ASV 889, 1 (1-0-0)
ASS 800, 3 (3-0-0)
Course Name
Mathematical and Statistical Methods in Atmospheric Sciences
Air-Sea Interaction
Science of Climate Change
Tropical Meteorology
Satellite Meteorology and Remote Sensing
Biological Oceanography
Atmospheric Diffusion and Air Pollution
Advance Ocean Dynamics
Air Quality Monitoring & Health Risk Assessment
Climate Variability
Modelling of Dynamic Processes of Oceans & Atmosphere
Marine Pollution and Coastal Zone Management
Advance Dynamic Meteorology
Mesoscale Meteorology
High Performance Computing in Atmospheric Science
Special Topics in Storm Surges
Special Module in Storm Surges
Special Module in Indian Ocean Studies and Its Relevance to
the Monsoon
Special Modules in Climate Change and Disaster Management
Special Topics in Air Pollution
Special Module in Air Pollution
Special Topics in Marine and Water Pollution
Special Module in Marine and Water Pollution
Special Topics in Remote Sensing
Special Module in Remote Sensing
Special Topics in Objective Analysis
Special Module in Objective Analysis
Special Topics in Clouds and Aerosols
Special Module in Clouds and Aerosols
Special Topics in Lake Circulation Modelling
Special Module in Lake Circulation Modelling
Special module in Numerical Weather Prediction
Special Topics in Atmospheric Sciences
Special module in Tropical meteorology
Independent Study
In addition to the above M.Tech and minor area courses, for the benefit of students
pursuing their M.Sc. in Mathematics, Physics and Chemistry, a special course on
Atmospheric Physics has been designed and offered in alternate semesters for the last
several years.
16
M.Sc. Elective:
ASL 710, 3 (3-0-0)
Atmospheric Physics
Till date 35 students have been awarded the M.Tech degree. Out of the 35, 6 were given
to part-time students - 4 deputed from IMD, one from IGCAR, Kalpakkam and one from
IAF. 10 students (28.5% of the total M.Tech degrees awarded) are continuing Ph. D.
either in the Centre or outside. The titles of all the M.Tech dissertations and names of
supervisor(s) are given below.
Year
2010
Student
Supervisor(s)
A Bagavath Singh Prof. Manju Mohan
Amit Bhardwaj
Prof. S. K. Dash and Study of convective processes in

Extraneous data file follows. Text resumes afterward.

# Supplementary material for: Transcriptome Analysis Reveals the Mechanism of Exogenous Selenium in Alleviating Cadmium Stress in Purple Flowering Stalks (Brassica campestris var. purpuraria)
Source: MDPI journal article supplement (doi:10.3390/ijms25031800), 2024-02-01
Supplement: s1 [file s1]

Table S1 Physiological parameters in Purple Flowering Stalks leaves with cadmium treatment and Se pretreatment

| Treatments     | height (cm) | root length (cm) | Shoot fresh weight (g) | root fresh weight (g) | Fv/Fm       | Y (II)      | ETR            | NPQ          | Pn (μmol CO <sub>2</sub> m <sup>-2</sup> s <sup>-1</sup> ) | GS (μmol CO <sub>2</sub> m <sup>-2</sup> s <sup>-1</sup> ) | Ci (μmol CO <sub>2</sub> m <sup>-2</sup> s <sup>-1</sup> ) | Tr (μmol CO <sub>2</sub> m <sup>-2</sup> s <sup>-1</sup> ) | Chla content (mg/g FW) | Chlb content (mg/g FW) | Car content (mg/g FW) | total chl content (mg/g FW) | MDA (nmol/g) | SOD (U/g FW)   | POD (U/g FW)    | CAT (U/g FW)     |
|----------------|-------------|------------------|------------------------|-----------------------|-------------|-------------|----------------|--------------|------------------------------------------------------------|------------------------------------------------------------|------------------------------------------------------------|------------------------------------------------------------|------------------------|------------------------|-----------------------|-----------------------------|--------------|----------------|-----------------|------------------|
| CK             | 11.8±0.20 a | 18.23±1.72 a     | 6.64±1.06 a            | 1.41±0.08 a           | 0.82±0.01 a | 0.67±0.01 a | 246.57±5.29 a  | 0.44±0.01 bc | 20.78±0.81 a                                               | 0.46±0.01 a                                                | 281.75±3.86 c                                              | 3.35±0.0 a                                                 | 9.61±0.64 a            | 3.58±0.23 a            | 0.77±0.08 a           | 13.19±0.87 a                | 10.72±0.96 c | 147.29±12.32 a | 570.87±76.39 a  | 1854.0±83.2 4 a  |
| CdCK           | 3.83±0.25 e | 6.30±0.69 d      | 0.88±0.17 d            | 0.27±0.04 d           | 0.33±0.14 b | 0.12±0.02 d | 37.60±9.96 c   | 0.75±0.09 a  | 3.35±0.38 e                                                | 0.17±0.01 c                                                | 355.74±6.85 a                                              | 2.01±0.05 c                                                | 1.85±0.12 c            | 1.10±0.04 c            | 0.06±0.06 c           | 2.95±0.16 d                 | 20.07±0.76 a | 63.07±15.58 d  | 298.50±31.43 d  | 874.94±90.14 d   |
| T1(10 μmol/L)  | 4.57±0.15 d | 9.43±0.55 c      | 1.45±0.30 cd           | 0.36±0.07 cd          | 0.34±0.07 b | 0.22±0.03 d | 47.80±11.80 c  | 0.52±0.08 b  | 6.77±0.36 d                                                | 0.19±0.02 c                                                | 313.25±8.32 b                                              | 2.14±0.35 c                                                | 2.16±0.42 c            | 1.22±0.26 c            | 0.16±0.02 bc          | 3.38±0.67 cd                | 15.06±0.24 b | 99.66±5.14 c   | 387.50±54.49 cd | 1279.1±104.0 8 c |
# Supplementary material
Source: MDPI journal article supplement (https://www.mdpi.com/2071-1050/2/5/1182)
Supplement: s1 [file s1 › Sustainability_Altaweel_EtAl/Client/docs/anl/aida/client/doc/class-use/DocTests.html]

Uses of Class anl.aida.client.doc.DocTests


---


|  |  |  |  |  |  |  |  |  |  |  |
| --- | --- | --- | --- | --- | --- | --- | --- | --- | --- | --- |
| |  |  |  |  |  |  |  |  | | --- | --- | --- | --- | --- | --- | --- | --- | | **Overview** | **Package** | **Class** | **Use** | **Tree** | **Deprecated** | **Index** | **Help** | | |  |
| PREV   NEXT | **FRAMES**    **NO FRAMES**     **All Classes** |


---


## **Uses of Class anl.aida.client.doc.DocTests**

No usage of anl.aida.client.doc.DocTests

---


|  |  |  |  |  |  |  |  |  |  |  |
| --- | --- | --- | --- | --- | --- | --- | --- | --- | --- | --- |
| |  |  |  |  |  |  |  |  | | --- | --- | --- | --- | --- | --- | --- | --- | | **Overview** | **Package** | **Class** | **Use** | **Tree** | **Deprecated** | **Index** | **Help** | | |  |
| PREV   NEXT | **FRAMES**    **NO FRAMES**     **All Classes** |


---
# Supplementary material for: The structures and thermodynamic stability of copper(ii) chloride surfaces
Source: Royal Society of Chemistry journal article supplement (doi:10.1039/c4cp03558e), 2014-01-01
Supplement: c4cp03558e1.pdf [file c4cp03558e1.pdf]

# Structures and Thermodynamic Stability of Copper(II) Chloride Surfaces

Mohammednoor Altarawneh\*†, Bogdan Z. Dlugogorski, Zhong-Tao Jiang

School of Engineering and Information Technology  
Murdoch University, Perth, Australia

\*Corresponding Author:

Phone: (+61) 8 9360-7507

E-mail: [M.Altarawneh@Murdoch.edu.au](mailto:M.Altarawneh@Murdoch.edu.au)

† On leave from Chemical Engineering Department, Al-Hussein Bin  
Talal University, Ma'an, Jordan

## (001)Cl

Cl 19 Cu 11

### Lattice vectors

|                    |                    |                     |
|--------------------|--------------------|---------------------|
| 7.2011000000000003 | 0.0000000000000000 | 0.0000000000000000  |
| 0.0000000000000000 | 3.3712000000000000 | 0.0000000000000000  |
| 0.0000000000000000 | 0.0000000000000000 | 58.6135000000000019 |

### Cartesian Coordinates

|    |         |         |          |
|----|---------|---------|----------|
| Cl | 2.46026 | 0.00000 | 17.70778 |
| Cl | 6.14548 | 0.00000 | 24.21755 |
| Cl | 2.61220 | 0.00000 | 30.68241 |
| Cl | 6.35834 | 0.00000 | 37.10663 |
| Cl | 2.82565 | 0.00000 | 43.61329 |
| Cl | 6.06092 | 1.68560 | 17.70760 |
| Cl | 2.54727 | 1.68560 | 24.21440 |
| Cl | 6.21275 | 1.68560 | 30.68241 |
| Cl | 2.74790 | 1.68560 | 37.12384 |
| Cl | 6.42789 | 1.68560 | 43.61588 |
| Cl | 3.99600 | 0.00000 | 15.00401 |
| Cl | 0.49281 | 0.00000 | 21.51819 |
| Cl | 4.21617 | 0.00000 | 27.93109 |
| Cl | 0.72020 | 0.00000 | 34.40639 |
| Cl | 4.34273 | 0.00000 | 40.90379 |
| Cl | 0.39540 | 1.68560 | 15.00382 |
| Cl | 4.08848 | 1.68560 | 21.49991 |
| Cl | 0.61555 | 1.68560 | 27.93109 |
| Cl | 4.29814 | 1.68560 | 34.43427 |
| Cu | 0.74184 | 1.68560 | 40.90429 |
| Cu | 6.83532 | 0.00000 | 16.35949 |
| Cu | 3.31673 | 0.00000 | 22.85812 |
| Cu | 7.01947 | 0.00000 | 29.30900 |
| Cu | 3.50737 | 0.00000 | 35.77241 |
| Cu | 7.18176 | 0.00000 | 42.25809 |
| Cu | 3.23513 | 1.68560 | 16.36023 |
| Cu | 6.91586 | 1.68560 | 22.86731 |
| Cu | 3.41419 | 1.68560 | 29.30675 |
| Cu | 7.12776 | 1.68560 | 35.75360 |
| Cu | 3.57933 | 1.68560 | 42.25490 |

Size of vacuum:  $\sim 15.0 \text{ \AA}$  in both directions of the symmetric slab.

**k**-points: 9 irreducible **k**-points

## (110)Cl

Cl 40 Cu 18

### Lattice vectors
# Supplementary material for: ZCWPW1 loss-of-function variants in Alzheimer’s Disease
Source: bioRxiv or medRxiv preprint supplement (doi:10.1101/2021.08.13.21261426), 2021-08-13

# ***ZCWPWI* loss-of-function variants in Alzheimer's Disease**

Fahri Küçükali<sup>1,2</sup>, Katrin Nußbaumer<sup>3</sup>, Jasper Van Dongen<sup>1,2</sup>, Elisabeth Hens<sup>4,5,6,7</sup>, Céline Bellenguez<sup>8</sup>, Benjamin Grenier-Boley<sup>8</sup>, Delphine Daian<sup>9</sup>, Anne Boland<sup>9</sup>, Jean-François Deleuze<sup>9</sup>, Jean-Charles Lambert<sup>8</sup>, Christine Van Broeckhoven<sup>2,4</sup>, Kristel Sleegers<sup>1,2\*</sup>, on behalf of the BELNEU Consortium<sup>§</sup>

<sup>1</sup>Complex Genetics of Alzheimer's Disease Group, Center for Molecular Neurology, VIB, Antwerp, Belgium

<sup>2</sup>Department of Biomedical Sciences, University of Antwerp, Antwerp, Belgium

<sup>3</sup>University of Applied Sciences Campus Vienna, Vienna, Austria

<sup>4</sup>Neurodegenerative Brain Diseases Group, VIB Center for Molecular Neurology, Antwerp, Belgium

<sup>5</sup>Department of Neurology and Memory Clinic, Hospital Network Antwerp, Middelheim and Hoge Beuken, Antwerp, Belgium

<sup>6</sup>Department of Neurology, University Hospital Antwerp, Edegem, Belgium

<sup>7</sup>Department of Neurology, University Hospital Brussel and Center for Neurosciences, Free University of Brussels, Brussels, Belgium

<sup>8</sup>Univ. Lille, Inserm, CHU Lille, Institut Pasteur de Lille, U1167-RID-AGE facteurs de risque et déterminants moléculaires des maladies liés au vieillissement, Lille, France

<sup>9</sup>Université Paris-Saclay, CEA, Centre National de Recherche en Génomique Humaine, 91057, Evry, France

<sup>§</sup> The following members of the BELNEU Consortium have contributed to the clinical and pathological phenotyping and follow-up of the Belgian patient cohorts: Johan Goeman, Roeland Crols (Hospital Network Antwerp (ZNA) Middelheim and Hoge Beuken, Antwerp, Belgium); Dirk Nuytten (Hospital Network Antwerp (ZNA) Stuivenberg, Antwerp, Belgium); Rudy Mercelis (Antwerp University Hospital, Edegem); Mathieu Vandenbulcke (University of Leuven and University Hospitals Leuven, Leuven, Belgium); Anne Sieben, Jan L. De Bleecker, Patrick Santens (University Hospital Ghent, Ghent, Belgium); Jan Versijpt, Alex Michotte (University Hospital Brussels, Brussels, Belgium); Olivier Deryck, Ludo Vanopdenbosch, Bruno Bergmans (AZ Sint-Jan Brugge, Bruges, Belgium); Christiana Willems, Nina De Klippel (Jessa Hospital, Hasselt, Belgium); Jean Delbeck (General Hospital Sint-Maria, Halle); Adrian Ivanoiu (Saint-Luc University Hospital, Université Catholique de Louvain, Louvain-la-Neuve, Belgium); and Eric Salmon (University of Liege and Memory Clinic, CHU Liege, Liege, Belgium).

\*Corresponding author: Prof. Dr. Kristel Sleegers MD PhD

Prof. O. P. Sharma
the simulation of thunderstorm
using a mesoscale model
Anil
Devrani
2011
M. Tech Dissertation
Atmospheric dispersion simulation
in a coastal terrain using coupled
mesoscale and dispersion model
Kumar Prof. O. P. Sharma
and Dr. H. C.
Upadhyaya
Tarkeshwar Singh Prof. U. C. Mohanty
and Dr. G. Schadler
(Germany)
Impact of data assimilation on
thunderstorm simulation with
WRF model
Impact of spatial and temporal
resolution
on
simulated
precipitation using COSMO-CLM
model
Sushant Das
Prof. G. Jayaraman Remote sensing and coastal marine
and Dr. B. Kumari ecology
(ISRO)
Aniket
Chakravorty
Dr. K. AchutaRao Analysis
of
soil
moisture
and Dr. N. Kalthoff distribution of satellite retrievals
(Germany)
Medhavi Gupta
Prof. Manju Mohan
Amit
Gupta
Atmospheric chemical modelling
for air quality assessment of
megacity Delhi
Kumar Prof. O. P. Sharma Modelling the transport processes
and
Prof.
G. in the upper ocean
Jayaraman
Hetalben
Prafulbhai Patel
Prof. S. K. Dash
17
Regional climate modelling with
grid computing
Surendra P. Singh
Kamlesh
Meena
2012
Prof. A. D. Rao
Numerical modelling of surface
circulation
and
associated
thermohaline features of North
Indian Ocean
Kumar Prof. S. K. Dash and Change in frequency of extreme
Prof. Manju Mohan
temperature events over north-east
India
Ram Singh
Dr. K. AchutaRao Climate change performing time
slice experiment using AGOCM
and Prof. A. D. Rao
Pushp Raj Tiwari
Prof. U. C. Mohanty
Nidhi
Dr. Sagnik Dey
Sarjeet Singh
Prof. S. K. Dash
Impact of climate change on heat
stress
Swati Singh
Prof. U. C. Mohanty
Simulation of extreme weather
events
with
high-resolution
mesoscale models
Alok Kumar
Dr. K. AchutaRao
Developing and implementing
diagnostics for intra-seasonal
oscillations for the NCMRWF
global forecast model
Ashwani Kumar
Prof. O. P. Sharma
Retrieval of temperature profile
from satellite radiance using
radiative transfer RTTOV
Sumer Budhiraja
Prof. P. Goyal
Impact of air pollutants on climate
change
Ajit Singh
Dr. Sagnik Dey
Climatic trends in visibility and its